David A. Fredrickson
(1927 – 2012)
Some Memories of Dave Fredrickson
August 29, 2012
I’ve always imagined that Dave and Vera-Mae Fredrickson would host my memorial in their home on Parker Street in Berkeley. As they are my parents’ age, I don’t know if this expresses my innate optimism or pessimism—probably both. So many memorable events in my life took place in their historic wood-shingled craftsman home. Not just crazy parties and transcendental conversations, but also very personal disasters and triumphs. I’ve always wanted to write a screen play situated in their living room, with the same people moving in and out over the decades. I can envision it from my memories, but if I had the kind of talent to deliver, I wouldn’t be a SSU manager today.
As a Berkeley undergraduate, I lived in a flat across the street from Dave and Vera-Mae. During the People’s Park troubles, the National Guard secured the city for a radius of a few miles from campus, where the main disturbances centered. During that occupation, my friend Fern, who lived on the same floor, decided to set up a Kool-Aid stand to serve the troops and passing demonstrators. I don’t remember if the Kool-Aid contained any special ingredients, but Fern did. Six-year-old Niomi Fredrickson was her only customer. The two spent the day coloring. Niomi said: “you should meet my mom.” So, Fern and I met Vera-Mae. I don’t remember if Dave was there or not. Fern is brilliant; she and Vera-Mae soared, I listened, as usual, and learned much.
The following year, Fern and I moved two doors down from the Fredricksons into a large house with many roommates in the free, open style of the times. The Fredricksons came to our parties and we went to theirs. I was an Anthropology major by then, but as I never said anything, it was never discussed. I remember our Christmas party, where their guest hung his draft card decorated with green and red stars on the tree.
Eventually, I spent two summers in England working at Winchester. Then after I graduated from UC and couldn’t find a job to save my life, I went back and worked for the York Archaeological Trust. There I met Adrian and actually learned how to dig. On a visit back in an odd twist, Adrian and I ended up back on Parker Street in my old place; we visited Dave and Vera-Mae; they took the English archaeologist under their wing and helped us find our first archaeology job in California with Bob Orlins.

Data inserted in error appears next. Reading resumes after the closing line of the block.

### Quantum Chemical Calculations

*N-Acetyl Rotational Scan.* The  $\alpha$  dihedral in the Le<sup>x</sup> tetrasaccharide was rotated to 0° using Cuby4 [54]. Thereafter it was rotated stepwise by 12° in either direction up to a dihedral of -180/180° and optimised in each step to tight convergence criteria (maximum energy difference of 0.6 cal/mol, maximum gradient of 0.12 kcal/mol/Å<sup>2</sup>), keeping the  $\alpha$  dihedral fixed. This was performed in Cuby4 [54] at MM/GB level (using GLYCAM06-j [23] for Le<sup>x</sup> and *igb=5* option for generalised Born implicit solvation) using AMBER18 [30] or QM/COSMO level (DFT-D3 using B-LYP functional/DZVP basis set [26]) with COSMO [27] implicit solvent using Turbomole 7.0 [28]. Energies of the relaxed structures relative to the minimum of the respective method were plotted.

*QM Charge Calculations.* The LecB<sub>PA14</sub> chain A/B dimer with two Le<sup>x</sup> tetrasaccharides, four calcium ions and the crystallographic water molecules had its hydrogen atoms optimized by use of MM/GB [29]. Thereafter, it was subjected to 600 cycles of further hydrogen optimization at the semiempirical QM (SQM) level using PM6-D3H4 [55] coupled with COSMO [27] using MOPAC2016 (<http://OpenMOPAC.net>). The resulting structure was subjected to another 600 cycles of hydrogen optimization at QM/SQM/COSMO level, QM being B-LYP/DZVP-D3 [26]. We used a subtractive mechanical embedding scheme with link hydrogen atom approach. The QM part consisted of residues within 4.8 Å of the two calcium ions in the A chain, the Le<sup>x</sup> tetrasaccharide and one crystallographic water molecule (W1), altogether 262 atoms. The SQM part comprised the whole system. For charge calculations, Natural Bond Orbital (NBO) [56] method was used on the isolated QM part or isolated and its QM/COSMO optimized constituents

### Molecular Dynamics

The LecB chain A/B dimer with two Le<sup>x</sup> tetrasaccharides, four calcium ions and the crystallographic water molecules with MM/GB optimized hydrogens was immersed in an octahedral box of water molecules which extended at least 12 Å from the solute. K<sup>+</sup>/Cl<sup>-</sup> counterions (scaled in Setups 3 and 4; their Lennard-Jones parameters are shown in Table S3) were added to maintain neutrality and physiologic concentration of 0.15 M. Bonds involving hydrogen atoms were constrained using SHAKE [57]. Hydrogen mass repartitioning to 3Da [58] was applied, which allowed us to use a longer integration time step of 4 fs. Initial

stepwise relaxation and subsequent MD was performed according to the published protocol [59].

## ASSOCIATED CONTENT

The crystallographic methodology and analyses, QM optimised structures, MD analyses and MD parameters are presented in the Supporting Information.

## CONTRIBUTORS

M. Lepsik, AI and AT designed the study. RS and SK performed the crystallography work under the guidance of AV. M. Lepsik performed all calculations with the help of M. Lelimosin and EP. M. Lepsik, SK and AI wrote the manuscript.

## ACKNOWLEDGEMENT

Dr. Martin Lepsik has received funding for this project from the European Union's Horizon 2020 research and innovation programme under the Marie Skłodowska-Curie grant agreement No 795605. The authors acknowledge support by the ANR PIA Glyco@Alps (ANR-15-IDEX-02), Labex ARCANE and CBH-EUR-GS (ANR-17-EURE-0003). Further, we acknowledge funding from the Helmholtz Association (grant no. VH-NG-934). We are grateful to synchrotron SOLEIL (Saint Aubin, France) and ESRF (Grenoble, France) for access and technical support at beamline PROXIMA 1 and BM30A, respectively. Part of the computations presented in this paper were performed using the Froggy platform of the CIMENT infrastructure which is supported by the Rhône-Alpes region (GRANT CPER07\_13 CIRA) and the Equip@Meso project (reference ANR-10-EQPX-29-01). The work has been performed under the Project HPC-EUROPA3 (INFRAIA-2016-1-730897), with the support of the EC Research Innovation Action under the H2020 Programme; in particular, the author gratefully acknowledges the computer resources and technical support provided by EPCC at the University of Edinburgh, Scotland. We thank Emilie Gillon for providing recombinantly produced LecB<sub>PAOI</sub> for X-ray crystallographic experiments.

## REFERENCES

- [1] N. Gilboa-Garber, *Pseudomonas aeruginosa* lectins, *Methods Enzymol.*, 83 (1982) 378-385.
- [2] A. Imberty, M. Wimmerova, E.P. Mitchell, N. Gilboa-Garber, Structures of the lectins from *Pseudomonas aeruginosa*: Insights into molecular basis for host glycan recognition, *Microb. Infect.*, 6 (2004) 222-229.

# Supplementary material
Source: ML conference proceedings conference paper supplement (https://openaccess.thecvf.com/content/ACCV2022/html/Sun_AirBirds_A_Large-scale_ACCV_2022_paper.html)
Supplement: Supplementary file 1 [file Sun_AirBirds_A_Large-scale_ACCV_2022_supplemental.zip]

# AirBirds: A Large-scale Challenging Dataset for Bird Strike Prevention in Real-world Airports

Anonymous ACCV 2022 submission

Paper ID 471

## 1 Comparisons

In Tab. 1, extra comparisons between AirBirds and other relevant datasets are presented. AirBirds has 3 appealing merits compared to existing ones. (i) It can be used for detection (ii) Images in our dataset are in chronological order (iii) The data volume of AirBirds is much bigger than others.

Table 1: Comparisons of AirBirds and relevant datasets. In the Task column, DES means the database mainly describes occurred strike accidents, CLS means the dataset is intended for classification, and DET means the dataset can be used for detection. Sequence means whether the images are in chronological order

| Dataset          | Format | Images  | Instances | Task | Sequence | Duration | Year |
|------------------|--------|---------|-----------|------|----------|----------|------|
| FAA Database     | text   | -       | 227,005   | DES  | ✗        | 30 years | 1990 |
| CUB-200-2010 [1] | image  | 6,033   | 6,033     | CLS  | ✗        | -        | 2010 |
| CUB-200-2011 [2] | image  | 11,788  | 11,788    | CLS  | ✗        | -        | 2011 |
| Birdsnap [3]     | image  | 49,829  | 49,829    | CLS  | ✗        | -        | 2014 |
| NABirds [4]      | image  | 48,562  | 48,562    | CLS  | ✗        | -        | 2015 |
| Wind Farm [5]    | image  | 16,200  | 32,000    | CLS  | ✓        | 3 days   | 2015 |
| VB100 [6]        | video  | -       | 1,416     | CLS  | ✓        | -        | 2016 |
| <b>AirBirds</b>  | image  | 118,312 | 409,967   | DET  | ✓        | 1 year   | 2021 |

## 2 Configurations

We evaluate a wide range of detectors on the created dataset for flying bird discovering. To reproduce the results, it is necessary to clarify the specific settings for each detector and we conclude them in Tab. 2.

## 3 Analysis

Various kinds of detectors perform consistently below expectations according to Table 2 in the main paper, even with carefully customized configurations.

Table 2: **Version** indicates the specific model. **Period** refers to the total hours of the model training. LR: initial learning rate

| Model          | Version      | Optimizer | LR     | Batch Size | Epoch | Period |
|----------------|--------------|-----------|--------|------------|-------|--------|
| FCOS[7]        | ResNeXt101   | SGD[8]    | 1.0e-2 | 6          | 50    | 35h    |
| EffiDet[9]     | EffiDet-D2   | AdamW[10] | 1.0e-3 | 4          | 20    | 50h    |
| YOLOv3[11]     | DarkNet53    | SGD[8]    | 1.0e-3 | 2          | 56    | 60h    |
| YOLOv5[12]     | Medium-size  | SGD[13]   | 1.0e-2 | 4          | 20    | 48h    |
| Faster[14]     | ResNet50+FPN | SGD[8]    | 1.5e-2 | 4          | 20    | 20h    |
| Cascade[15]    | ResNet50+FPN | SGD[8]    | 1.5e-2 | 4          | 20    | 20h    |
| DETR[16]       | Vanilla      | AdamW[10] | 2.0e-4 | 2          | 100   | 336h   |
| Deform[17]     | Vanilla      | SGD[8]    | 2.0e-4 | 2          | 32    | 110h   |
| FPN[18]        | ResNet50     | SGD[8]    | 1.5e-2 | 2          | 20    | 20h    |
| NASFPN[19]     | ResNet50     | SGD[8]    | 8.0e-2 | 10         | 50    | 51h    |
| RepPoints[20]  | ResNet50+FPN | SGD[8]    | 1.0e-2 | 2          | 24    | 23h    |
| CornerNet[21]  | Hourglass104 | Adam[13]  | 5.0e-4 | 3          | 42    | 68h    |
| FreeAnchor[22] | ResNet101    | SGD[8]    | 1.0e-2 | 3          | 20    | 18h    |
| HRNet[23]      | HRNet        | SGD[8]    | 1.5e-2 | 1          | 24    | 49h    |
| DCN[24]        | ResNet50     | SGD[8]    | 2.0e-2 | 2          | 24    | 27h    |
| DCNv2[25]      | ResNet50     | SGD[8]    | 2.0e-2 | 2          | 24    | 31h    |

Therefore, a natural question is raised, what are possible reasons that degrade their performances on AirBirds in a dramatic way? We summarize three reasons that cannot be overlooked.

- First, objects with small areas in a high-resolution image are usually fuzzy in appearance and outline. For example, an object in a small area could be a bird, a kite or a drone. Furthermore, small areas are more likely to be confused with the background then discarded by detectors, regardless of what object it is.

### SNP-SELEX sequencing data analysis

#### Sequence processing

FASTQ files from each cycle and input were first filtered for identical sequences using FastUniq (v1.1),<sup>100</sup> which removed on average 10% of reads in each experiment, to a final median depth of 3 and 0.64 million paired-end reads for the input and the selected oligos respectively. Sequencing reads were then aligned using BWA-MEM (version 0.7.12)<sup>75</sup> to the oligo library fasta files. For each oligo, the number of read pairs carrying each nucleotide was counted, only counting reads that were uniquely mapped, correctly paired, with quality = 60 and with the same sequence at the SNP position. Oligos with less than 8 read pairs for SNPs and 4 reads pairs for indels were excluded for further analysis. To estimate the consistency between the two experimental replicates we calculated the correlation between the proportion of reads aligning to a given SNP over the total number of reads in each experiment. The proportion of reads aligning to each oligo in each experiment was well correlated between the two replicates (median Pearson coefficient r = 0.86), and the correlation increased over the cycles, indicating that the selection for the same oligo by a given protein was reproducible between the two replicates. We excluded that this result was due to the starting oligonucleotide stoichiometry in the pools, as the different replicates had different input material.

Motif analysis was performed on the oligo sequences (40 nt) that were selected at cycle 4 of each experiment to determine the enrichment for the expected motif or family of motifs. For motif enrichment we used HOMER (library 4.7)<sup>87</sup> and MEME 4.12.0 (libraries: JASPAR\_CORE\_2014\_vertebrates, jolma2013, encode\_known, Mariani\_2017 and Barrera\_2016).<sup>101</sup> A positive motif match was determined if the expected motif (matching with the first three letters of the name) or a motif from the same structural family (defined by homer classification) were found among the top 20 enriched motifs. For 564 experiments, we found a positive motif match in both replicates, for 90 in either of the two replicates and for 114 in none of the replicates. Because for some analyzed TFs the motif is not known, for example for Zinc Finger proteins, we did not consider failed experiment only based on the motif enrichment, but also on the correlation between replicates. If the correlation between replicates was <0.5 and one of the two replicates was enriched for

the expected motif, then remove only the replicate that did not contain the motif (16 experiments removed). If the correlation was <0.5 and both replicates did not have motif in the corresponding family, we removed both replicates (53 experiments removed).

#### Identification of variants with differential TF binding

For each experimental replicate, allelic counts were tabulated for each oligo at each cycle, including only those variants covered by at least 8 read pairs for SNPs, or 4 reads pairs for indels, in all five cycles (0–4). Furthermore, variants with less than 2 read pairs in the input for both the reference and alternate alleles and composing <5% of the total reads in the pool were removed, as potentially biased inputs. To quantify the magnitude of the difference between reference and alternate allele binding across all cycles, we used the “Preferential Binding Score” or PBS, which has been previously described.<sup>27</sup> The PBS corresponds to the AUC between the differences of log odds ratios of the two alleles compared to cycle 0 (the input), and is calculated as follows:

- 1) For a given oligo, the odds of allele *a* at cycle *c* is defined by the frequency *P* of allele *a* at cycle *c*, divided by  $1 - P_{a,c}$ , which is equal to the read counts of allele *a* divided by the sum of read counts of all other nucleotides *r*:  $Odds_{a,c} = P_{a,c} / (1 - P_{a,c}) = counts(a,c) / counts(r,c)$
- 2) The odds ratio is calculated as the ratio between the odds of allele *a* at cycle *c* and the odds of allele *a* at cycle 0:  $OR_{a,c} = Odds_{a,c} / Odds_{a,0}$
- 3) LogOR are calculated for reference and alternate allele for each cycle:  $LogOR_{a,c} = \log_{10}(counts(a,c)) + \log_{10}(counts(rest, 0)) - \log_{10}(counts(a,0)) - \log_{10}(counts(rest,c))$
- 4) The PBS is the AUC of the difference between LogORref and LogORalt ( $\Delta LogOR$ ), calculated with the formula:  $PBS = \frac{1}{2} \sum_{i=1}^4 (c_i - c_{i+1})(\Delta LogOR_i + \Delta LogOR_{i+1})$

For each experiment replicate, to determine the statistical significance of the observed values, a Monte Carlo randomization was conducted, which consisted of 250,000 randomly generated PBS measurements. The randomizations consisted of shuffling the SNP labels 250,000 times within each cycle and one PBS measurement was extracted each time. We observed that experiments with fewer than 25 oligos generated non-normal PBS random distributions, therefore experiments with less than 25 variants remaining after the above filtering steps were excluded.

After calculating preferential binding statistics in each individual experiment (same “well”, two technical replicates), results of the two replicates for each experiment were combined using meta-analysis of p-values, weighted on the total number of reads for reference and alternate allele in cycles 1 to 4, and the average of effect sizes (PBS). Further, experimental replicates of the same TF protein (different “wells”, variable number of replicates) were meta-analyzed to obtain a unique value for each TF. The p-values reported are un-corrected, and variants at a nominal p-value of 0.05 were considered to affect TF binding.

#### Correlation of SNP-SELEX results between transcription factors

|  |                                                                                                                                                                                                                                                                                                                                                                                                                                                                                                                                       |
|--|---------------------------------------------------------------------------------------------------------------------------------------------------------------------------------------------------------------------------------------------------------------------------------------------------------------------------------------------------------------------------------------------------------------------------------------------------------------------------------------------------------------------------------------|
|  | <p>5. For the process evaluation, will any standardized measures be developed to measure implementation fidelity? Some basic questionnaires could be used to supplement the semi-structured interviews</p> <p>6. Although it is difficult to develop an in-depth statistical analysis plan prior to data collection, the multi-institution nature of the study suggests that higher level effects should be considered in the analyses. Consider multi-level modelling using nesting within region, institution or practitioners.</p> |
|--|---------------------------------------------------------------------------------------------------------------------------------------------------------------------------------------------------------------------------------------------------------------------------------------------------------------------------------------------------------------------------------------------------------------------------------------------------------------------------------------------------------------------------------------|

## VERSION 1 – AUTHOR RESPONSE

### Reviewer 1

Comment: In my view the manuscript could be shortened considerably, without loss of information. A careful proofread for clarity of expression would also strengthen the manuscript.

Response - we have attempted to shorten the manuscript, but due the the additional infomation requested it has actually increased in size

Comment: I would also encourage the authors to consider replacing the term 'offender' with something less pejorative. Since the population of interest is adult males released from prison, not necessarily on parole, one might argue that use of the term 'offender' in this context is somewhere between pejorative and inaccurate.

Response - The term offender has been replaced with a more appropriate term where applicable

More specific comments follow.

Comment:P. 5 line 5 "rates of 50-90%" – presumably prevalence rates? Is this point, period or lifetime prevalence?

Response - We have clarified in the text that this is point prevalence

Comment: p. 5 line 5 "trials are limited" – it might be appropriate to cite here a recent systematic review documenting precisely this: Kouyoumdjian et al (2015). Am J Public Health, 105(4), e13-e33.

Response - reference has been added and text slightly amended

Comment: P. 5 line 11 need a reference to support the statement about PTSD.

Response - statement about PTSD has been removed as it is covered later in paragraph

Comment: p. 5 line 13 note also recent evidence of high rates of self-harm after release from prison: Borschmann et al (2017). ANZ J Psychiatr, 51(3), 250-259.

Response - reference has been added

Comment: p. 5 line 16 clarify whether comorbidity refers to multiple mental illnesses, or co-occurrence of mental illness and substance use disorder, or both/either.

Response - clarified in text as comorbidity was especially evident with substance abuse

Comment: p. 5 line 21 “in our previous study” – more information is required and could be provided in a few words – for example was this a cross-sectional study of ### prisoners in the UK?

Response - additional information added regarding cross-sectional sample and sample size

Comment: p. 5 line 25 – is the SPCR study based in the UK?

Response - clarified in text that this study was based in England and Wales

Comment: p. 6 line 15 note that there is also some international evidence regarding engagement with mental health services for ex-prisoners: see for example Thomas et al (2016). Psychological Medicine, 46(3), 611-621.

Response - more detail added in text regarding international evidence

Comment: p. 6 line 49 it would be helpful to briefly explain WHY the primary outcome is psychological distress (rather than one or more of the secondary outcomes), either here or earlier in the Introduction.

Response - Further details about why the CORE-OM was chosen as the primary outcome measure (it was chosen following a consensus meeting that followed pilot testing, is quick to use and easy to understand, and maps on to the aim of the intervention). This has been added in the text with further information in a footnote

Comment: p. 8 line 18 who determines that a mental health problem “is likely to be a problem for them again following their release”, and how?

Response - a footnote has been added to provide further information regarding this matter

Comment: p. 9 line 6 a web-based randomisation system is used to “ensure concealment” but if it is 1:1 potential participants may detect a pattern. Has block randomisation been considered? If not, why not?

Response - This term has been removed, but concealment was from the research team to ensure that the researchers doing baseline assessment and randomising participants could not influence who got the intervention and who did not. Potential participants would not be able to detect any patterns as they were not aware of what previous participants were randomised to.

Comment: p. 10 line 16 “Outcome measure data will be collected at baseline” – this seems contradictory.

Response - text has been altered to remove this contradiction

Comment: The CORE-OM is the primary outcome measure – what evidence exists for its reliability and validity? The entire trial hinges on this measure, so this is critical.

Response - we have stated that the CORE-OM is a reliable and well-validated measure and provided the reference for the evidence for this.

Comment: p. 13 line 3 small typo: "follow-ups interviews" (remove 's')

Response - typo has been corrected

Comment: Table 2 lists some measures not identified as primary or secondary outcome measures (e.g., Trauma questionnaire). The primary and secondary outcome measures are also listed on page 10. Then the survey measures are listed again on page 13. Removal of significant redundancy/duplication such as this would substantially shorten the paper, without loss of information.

Time passes, we go back to England, marry, return to California, and end up in Sebastopol to be near my grandma. Despite Adrian’s lack of even a bachelor’s degree, we managed to secure a contract with Sonoma County for an archaeological survey. We decided to run this agreement through Dave’s program at Sonoma State College, completely ignorant of all the potential pitfalls this entailed. We did the survey, wrote the report, and brought it to Dave’s office on campus for him to review. He read quietly for a few minutes, looked up and with a sigh of relief said: “You can write!” In our eagerness, we hadn’t realized till then what a risk he had taken with us. He had assumed responsibility for this contract; he only knew us socially not as professionals; we weren’t students and in fact didn’t even have an adequate education to undertake the work we did. He had absolutely no way of knowing that we could run a project, manage a budget, or create a credible paper trail. And yet, he gave us the biggest opportunity of our lives. And as I came to realize later, we were not the only ones Dave took a risk on. He invested in people; he provided opportunities. He took risks so that others could try their wings—and some crashed and he had to pick them up. But that is what the Dave was about—giving individuals opportunities to prove themselves (and fixing things if they didn’t). This was my DAF moment.
Adrian and I are still at the ASC today, all these years after we brought in that first contract, because we believe it is our responsibility to pass down what Dave taught us about people and chances and opportunities, as well as about archaeology.